When starting, the HOSTLIST daemon first connects to the CORE subsystem and if hostlist learning is enabled, registers a CORE handler to receive this kind of messages. Next it starts (if configured) the client and server. It passes pointers to CORE connect and disconnect and receive handlers where the client and server store their functions, so the daemon can notify them about CORE events.
To clean up on shutdown, the daemon has a cleaning task, shutting down all subsystems and disconnecting from CORE.
The server provides a way for other peers to obtain HELLOs. Basically it is a small web server other peers can connect to and download a list of HELLOs using standard HTTP; it may also advertise the URL of the hostlist to other peers connecting on CORE level.
During startup, the server starts a web server listening on the port specified with the HTTPPORT value (default 8080). In addition it connects to the PEERINFO service to obtain peer information. The HOSTLIST server uses the GNUNET_PEERINFO_iterate function to request HELLO information for all peers and adds their information to a new hostlist if they are suitable (expired addresses and HELLOs without addresses are both not suitable) and the maximum size for a hostlist is not exceeded (MAX_BYTES_PER_HOSTLISTS = 500000). When PEERINFO finishes (with a last NULL callback), the server destroys the previous hostlist response available for download on the web server and replaces it with the updated hostlist. The hostlist format is basically a sequence of HELLO messages (as obtained from PEERINFO) without any special tokenization. Since each HELLO message contains a size field, the response can easily be split into separate HELLO messages by the client.
A HOSTLIST client connecting to the HOSTLIST server will receive the hostlist as a HTTP response and the the server will terminate the connection with the result code HTTP 200 OK. The connection will be closed immediately if no hostlist is available.
The server also advertises the URL to download the hostlist to other peers if hostlist advertisement is enabled. When a new peer connects and has hostlist learning enabled, the server sends a GNUNET_MESSAGE_TYPE_HOSTLIST_ADVERTISEMENT message to this peer using the CORE service.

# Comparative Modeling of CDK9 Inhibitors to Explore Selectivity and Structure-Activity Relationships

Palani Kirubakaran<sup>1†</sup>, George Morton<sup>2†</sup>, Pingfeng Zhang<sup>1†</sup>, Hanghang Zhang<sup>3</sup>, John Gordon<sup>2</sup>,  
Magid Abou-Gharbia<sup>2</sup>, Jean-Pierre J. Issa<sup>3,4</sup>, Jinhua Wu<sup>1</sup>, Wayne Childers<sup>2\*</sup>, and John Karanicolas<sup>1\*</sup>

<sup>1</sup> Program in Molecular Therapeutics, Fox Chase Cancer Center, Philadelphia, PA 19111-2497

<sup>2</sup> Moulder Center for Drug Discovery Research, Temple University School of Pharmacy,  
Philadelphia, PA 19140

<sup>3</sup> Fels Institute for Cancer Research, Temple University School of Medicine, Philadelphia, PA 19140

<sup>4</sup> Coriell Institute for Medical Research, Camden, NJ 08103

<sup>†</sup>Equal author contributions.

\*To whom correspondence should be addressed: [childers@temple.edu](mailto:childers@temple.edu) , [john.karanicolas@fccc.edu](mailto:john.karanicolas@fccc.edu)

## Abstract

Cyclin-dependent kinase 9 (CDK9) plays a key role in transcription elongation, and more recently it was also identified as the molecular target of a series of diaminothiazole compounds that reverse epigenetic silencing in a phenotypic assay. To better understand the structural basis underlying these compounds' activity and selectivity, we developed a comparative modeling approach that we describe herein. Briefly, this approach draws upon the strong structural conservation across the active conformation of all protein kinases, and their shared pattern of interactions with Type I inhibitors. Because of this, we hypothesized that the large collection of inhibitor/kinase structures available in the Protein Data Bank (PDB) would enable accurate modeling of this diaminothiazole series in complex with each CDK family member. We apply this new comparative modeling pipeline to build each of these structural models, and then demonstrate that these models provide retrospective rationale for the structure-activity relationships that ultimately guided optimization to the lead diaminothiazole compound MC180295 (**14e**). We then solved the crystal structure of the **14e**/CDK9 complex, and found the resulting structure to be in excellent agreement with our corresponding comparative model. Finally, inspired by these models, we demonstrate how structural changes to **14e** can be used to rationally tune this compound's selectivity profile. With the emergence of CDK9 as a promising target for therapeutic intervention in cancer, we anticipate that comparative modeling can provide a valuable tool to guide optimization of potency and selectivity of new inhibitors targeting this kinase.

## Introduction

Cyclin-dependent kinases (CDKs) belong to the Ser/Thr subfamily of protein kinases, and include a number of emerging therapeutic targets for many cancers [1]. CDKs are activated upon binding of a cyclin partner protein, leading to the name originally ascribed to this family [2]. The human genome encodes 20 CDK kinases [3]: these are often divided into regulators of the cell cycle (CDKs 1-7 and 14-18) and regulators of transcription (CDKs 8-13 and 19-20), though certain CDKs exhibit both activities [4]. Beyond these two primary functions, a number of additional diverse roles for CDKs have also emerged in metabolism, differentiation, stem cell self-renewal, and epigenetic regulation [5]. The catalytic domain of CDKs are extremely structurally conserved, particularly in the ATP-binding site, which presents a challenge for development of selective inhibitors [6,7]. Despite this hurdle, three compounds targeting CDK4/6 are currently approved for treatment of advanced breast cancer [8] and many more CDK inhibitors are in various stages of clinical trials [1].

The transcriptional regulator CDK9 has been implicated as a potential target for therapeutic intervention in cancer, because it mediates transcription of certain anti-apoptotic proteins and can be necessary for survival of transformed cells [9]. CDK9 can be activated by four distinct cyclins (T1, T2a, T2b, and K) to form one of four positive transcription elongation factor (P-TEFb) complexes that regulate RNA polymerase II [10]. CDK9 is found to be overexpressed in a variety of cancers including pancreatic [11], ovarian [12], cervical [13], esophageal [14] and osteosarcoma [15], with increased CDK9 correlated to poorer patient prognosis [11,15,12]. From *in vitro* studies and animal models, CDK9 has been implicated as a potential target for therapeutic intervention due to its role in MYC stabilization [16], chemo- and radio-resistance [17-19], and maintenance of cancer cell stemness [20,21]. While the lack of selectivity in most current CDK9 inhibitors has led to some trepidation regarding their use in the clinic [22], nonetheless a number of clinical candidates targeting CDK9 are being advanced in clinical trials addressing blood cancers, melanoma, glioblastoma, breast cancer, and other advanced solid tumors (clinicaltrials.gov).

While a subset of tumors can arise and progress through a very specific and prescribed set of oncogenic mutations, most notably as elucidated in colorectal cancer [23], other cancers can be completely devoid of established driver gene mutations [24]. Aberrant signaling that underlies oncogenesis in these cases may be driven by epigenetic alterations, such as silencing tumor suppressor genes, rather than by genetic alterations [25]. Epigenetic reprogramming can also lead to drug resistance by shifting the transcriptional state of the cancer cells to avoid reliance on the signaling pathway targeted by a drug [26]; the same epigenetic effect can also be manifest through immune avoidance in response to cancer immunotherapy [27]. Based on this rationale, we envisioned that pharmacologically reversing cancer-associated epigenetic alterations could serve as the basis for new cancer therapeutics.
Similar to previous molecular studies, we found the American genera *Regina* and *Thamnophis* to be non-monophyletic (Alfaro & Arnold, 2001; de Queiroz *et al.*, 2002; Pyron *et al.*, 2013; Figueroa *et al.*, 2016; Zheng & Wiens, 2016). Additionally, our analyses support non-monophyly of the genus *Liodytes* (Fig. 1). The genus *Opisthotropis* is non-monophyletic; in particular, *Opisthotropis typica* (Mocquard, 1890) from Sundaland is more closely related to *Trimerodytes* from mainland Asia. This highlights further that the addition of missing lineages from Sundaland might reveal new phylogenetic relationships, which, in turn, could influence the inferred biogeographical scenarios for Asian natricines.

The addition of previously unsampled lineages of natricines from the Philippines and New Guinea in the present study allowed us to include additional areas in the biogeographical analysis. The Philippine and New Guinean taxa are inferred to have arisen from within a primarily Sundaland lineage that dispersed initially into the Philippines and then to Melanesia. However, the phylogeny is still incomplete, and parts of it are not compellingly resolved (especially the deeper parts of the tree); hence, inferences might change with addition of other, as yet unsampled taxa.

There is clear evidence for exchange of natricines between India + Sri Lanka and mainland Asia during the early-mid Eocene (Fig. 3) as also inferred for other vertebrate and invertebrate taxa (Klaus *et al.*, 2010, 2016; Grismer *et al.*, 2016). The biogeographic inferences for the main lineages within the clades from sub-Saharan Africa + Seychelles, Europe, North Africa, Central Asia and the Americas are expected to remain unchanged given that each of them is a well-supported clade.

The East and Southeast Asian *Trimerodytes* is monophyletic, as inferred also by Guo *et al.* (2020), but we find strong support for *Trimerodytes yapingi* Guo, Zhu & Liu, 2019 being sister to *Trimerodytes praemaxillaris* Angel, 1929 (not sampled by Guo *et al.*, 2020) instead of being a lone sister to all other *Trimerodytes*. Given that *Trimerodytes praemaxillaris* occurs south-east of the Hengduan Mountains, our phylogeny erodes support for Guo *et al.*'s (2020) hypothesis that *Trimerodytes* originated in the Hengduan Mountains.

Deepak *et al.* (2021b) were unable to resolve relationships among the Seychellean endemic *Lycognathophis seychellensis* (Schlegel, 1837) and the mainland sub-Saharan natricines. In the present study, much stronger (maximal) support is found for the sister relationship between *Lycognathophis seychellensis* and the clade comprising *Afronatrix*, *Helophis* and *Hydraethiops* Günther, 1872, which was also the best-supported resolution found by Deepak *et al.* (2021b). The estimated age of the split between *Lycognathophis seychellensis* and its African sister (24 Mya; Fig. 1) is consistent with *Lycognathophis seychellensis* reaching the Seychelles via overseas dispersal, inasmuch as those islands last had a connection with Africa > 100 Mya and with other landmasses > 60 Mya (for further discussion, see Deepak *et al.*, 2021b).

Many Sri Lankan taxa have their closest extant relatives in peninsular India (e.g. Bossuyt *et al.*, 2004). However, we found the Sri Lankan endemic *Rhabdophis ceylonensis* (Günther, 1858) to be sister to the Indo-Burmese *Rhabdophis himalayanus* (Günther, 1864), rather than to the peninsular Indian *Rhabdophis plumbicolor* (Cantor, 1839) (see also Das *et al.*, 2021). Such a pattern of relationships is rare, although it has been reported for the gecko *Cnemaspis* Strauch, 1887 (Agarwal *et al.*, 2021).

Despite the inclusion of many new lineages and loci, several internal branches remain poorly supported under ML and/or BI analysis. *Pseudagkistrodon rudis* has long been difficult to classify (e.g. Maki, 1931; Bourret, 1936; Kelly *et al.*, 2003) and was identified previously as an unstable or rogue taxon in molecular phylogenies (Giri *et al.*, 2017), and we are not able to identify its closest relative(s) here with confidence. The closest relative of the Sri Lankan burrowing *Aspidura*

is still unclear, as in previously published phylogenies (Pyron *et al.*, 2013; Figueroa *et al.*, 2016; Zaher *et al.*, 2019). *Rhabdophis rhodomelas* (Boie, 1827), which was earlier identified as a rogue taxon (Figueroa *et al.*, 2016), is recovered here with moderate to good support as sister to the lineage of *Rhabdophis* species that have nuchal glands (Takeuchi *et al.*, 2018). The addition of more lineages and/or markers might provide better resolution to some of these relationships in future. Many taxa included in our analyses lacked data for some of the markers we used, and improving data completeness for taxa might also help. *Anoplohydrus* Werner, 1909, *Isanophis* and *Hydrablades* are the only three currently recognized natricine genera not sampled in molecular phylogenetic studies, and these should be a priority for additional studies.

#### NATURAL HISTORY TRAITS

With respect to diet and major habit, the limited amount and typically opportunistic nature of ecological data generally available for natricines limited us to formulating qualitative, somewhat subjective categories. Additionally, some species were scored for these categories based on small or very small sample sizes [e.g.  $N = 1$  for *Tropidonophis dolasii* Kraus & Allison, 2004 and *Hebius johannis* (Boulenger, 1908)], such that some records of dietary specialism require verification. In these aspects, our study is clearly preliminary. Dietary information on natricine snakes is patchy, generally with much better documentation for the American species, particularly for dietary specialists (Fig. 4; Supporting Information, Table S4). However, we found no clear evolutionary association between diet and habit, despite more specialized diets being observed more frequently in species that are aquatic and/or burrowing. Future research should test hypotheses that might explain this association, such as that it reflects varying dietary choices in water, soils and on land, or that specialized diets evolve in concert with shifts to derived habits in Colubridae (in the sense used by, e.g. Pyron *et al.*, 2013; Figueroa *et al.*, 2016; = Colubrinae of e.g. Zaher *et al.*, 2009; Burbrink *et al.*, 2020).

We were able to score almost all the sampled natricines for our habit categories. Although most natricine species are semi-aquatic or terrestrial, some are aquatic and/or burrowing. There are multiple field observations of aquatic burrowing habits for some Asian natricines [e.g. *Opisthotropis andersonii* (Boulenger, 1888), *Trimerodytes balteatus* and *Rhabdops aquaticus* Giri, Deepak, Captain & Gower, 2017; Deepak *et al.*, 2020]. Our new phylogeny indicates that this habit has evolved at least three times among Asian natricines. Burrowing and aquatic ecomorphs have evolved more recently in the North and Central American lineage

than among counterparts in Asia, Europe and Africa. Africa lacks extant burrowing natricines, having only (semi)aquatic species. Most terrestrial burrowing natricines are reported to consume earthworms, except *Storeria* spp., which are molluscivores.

The client provides the functionality to download the list of HELLOs from a set of URLs. It performs a standard HTTP request to the URLs configured and learned from advertisement messages received from other peers. When a HELLO is downloaded, the HOSTLIST client forwards the HELLO to the TRANSPORT service for validation.
The client supports two modes of operation: download of HELLOs (bootstrapping) and learning of URLs.
For bootstrapping, it schedules a task to download the hostlist from the set of known URLs. The downloads are only performed if the number of current connections is smaller than a minimum number of connections (at the moment 4). The interval between downloads increases exponentially; however, the exponential growth is limited if it becomes longer than an hour. At that point, the frequency growth is capped at (#number of connections * 1h).
Once the decision has been taken to download HELLOs, the daemon chooses a random URL from the list of known URLs. URLs can be configured in the configuration or be learned from advertisement messages. The client uses a HTTP client library (libcurl) to initiate the download using the libcurl multi interface. Libcurl passes the data to the callback_download function which stores the data in a buffer if space is available and the maximum size for a hostlist download is not exceeded (MAX_BYTES_PER_HOSTLISTS = 500000). When a full HELLO was downloaded, the HOSTLIST client offers this HELLO message to the TRANSPORT service for validation. When the download is finished or failed, statistical information about the quality of this URL is updated.
The client also manages hostlist advertisements from other peers. The HOSTLIST daemon forwards GNUNET_MESSAGE_TYPE_HOSTLIST_ADVERTISEMENT messages to the client subsystem, which extracts the URL from the message. Next, a test of the newly obtained URL is performed by triggering a download from the new URL. If the URL works correctly, it is added to the list of working URLs.
The size of the list of URLs is restricted, so if an additional server is added and the list is full, the URL with the worst quality ranking (determined through successful downloads and number of HELLOs e.g.) is discarded. During shutdown the list of URLs is saved to a file for persistance and loaded on startup. URLs from the configuration file are never discarded.
To start HOSTLIST by default, it has to be added to the DEFAULTSERVICES section for the ARM services. This is done in the default configuration.